By Ray Bennett
TORONTO: At the start of “August: Osage County” an ageing poet and lifetime alcoholic leaves his family home to go drown in the lake and as the film goes on, the puzzle is why he hadn’t done it sooner.
Meryl Streep and Julia Roberts head a large cast of accomplished actors as members of the dead man’s family who proceed to tear each other apart even as they mourn. Tracy Letts’s play of the same title won five Tony Awards in 2008 including the one for best play. Letts wrote the screenplay for the film directed by John Wells, known best as the longtime executive producer and occasional director of TV’s “ER” and “The West Wing”, but between them they’ve taken the pleasure out of it.
The play, which also was a London hit at the National Theatre, ran for three hours onstage where distance from the audience, theatricality and suspension of disbelief all worked in its favour.
Its depiction of vicious infighting amongst the women of a family raised in the harsh winters and searing summers of the American plains plus Letts’s dialogue full of poison and invective allowed full-blooded performances. Also, it was very funny.
The movie, which runs for two hours, is not. In a voice-over as the film begins, poet Beverly Weston (Sam Shepard) describes a life of increased bitterness as his wife Violet (Streep) has surrendered to a limitless cocktail of prescription drugs and now battles oral cancer. He has hired a full-time care-person for her, a dignified and capable young Cheyenne (Misty Upham), as Violet’s tantrums cut too much into his drinking time.
Upon his death, daughters Barbara (Roberts) and Karen (Juliette Lewis) arrive to be with their mother along with their sister Ivy (Julianne Nicholson), the only one to stay close to home. Barbara brings uptight husband Bill (Ewan McGregor, pictured with Roberts and Streep) and rebellious teenaged daughter Jean (Abigail Breslin) while Karen arrives with “this year’s man”, Steve, (Dermot Mulroney) a glib-talking salesman. Also on hand are Violet’s talkative sister Fae (Margo Martindale), her quiet, indulgent husband Charles (Chris Cooper) and their sensitive son known to all as Little Charles (Benedict Cumberbatch).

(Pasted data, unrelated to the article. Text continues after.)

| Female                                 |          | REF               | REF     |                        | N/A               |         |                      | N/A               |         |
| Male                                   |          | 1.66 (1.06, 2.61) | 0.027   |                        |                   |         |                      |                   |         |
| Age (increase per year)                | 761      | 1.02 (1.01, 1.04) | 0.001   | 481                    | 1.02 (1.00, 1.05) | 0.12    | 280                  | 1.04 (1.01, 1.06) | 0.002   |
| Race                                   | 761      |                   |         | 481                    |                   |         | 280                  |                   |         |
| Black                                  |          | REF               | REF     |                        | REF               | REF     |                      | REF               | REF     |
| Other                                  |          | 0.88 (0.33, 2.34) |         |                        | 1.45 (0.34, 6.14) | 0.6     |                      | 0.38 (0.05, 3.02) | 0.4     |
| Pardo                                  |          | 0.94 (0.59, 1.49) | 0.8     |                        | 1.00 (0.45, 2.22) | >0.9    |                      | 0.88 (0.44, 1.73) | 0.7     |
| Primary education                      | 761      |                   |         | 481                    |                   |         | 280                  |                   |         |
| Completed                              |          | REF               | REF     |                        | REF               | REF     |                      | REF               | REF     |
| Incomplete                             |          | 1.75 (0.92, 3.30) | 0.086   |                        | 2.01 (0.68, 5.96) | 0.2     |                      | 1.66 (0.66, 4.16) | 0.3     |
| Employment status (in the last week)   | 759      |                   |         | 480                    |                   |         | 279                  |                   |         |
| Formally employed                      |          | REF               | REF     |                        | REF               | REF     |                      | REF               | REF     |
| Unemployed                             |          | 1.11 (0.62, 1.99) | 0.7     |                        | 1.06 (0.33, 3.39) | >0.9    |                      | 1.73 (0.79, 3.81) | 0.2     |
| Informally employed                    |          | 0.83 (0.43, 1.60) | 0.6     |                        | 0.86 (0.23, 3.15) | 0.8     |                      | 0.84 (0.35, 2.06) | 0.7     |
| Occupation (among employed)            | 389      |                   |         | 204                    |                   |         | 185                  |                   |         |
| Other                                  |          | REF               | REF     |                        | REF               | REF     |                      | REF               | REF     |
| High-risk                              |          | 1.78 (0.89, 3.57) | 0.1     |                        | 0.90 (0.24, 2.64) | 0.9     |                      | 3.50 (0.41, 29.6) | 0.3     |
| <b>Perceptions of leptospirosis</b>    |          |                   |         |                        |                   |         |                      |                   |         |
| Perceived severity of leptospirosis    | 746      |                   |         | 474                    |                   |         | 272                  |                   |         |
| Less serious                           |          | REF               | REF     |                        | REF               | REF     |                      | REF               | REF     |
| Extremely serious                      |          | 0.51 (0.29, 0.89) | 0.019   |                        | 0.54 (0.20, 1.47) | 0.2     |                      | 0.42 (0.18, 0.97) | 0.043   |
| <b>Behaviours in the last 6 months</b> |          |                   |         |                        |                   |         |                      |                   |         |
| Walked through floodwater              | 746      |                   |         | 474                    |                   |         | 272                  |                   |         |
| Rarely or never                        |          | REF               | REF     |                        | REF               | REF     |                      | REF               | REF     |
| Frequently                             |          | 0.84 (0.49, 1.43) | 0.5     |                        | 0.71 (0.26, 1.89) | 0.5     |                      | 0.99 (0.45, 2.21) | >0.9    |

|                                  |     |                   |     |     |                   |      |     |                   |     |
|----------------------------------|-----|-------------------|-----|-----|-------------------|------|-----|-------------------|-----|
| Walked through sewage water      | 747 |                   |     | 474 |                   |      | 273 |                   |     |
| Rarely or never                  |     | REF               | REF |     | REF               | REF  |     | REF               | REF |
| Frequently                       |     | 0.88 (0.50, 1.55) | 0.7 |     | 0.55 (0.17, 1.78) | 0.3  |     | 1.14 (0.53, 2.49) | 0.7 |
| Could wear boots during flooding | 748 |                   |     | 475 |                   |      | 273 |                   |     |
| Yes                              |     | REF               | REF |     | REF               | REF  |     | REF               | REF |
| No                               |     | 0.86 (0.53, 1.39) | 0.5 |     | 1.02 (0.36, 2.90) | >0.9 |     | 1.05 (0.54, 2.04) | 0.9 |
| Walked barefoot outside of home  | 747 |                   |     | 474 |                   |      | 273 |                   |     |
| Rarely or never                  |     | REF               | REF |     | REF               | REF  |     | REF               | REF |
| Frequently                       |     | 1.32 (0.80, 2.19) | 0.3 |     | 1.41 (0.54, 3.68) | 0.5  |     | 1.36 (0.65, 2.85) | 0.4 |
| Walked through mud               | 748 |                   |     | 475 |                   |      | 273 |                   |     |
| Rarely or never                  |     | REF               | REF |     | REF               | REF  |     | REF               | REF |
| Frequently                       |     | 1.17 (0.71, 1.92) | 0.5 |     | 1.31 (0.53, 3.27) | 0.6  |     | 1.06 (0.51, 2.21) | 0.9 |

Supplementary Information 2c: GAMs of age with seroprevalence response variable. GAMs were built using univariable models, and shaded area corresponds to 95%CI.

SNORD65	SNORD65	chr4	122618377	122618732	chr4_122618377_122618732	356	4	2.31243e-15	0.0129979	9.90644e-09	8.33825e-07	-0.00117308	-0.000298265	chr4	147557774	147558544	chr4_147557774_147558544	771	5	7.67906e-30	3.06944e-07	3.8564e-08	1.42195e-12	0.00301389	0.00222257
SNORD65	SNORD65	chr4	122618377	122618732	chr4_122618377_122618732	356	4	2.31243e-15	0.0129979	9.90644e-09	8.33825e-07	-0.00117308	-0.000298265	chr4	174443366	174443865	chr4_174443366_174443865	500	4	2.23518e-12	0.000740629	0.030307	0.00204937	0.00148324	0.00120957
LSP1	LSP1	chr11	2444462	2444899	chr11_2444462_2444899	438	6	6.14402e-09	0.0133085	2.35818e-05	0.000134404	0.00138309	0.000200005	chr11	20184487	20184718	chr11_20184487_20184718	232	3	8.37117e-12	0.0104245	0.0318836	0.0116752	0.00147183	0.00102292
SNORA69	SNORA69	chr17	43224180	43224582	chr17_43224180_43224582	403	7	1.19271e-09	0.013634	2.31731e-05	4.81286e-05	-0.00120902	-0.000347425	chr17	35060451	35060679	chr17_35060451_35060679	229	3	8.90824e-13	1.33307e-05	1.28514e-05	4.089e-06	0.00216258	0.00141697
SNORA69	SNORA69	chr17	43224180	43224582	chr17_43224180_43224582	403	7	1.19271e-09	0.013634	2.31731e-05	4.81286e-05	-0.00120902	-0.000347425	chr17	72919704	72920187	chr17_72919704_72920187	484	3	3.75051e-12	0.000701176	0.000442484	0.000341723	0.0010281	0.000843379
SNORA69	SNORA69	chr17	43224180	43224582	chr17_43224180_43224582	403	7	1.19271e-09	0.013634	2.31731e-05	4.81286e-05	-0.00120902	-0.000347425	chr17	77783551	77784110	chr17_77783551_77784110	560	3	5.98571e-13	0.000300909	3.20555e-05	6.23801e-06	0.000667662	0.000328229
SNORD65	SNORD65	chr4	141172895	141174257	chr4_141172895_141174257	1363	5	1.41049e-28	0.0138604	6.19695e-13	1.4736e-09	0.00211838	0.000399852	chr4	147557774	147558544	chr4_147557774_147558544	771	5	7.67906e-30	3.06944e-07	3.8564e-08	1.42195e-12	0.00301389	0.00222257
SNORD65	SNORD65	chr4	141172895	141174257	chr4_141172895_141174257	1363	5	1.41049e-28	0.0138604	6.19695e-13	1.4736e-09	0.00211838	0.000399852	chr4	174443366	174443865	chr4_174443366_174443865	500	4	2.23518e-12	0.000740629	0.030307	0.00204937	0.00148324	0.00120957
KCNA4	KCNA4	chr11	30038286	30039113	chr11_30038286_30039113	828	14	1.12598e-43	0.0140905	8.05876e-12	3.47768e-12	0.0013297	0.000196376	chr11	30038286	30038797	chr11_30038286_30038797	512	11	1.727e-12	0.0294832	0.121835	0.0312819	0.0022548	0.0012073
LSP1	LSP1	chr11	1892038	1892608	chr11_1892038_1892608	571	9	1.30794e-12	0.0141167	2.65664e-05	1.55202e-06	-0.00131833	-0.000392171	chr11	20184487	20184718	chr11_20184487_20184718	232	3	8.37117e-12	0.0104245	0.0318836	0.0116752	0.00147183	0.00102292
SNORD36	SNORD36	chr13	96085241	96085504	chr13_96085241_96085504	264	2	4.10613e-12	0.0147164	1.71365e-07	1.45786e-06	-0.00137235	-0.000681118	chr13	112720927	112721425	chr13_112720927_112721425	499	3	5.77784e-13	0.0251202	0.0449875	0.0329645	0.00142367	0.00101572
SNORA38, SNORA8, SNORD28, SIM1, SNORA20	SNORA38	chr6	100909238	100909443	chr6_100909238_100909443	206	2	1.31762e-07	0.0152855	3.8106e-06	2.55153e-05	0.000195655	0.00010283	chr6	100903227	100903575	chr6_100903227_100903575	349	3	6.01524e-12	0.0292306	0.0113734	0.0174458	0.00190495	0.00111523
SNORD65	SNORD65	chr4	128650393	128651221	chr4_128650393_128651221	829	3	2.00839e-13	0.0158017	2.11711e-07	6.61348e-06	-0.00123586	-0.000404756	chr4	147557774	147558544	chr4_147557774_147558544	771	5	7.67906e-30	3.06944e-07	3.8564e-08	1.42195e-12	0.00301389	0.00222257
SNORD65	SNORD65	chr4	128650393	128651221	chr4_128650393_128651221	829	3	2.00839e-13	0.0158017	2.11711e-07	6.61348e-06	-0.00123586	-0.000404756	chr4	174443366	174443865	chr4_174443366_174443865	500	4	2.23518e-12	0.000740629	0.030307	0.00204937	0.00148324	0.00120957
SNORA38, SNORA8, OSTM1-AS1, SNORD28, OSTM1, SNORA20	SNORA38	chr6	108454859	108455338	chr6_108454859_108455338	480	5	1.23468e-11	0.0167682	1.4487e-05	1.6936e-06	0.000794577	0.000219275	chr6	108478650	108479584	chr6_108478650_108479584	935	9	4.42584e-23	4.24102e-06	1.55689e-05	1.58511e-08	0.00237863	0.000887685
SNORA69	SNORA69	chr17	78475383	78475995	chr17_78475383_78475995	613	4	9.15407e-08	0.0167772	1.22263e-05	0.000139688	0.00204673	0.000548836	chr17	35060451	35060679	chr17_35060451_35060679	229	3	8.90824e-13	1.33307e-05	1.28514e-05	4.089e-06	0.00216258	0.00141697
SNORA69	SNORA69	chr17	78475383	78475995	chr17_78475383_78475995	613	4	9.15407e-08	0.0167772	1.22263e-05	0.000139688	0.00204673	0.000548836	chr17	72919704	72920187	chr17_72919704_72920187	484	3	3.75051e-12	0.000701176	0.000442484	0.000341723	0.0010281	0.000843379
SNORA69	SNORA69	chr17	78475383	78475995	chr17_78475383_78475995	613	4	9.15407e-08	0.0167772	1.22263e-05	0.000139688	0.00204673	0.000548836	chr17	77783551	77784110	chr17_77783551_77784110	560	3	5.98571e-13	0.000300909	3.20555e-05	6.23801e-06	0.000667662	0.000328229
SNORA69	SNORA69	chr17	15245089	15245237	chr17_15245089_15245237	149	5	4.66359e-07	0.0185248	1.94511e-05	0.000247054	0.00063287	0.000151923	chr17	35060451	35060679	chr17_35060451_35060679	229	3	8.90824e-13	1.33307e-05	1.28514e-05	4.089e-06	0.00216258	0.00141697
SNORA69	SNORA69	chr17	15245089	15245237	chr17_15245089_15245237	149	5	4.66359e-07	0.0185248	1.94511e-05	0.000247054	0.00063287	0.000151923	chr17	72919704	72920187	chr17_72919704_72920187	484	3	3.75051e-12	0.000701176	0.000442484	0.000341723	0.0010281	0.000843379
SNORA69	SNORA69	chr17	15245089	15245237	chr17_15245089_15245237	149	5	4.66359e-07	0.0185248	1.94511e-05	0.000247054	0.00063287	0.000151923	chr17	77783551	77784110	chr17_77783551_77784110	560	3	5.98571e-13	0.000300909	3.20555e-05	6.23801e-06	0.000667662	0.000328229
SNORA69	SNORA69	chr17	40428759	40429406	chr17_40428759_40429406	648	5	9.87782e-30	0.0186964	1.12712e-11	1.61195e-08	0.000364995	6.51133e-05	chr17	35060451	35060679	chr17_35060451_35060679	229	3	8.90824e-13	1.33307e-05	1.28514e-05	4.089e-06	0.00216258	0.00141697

The play aspired to be in the Tennessee Williams mould with a family torn asunder by mendacity and it worked because of the humour, pacing, colourful characters and big performances. The film is a relentless assault of unpleasant people most of whom are beastly to one another.
To steal from Ricky Gervais, they are deeply shallow and the lack of background information about the characters begins to grate. Even Gustavo Santaolalla’s always pleasing music plays more to drama than to comedy. As the few laughs diminish, more questions arise. It’s a pleasing thought that a poet could have funded such a household but difficult to imagine. What has Violet done all her life and why does she condemn Barbara for getting as far away as possible? When was the last time the younger members of an American family threw an older relative’s uppers, downers and painkillers into the toilet?
Aside from a few car rides, the scenes all take place in the large rambling family home. The savagery commences almost at once as Violet has a bad word for everyone including her late husband. Barbara responds in kind but with a great many close-ups the clashes appear more stagey on film than in the theatre and pretty soon Streep and Roberts are in a claws-bared contest for the upper hand.
Before long, everyone is at it with developments including a stolen inheritance and sub-plots about Barbara and Bill’s unhappy marriage, a love affair that smacks of incest, and a dubious incident in which the salesman and the teenager share a spliff. Unlike the wise poet, they all stick around for their punishment.
Venue: Toronto Film Festival (Gala Presentation); Opens: US: Jan 10 (The Weinstein Co.); UK: Jan 17 (Entertainment); Cast: Meryl Streep, Julia Roberts, Ewan McGregor, Chris Cooper, Abigail Breslin, Benedict Cumberbatch, Juliette Lewis, Margo Martindale, Dermot Mulroney, Julianne Nicholson, Sam Shepard, Misty Upham; Director: John Wells; Screenwriter: Tracy Letts, based on his play; Director of photography: Adriano Goldman; Production designer: David Gropman; Music: Gustavo Santaolalla; Costume designer: Cindy Evans; Editor: Stephen Mirrione; Producers: George Clooney, Grant Heslov, Jean Doumanian, Steve Traxler; Executive producers: Bob Weinstein, Harvey Weinstein, Ron Burkle, Claire Rudnick Polstein, Celia Costas, Jeffrey Richards, Jerry Frankel; Production: Jean Doumanian, Smokehouse Pictures, in association with Battle Mountain Films, Yucaipa Films; Rating: UK-15 / US-R; running time 121 minutes.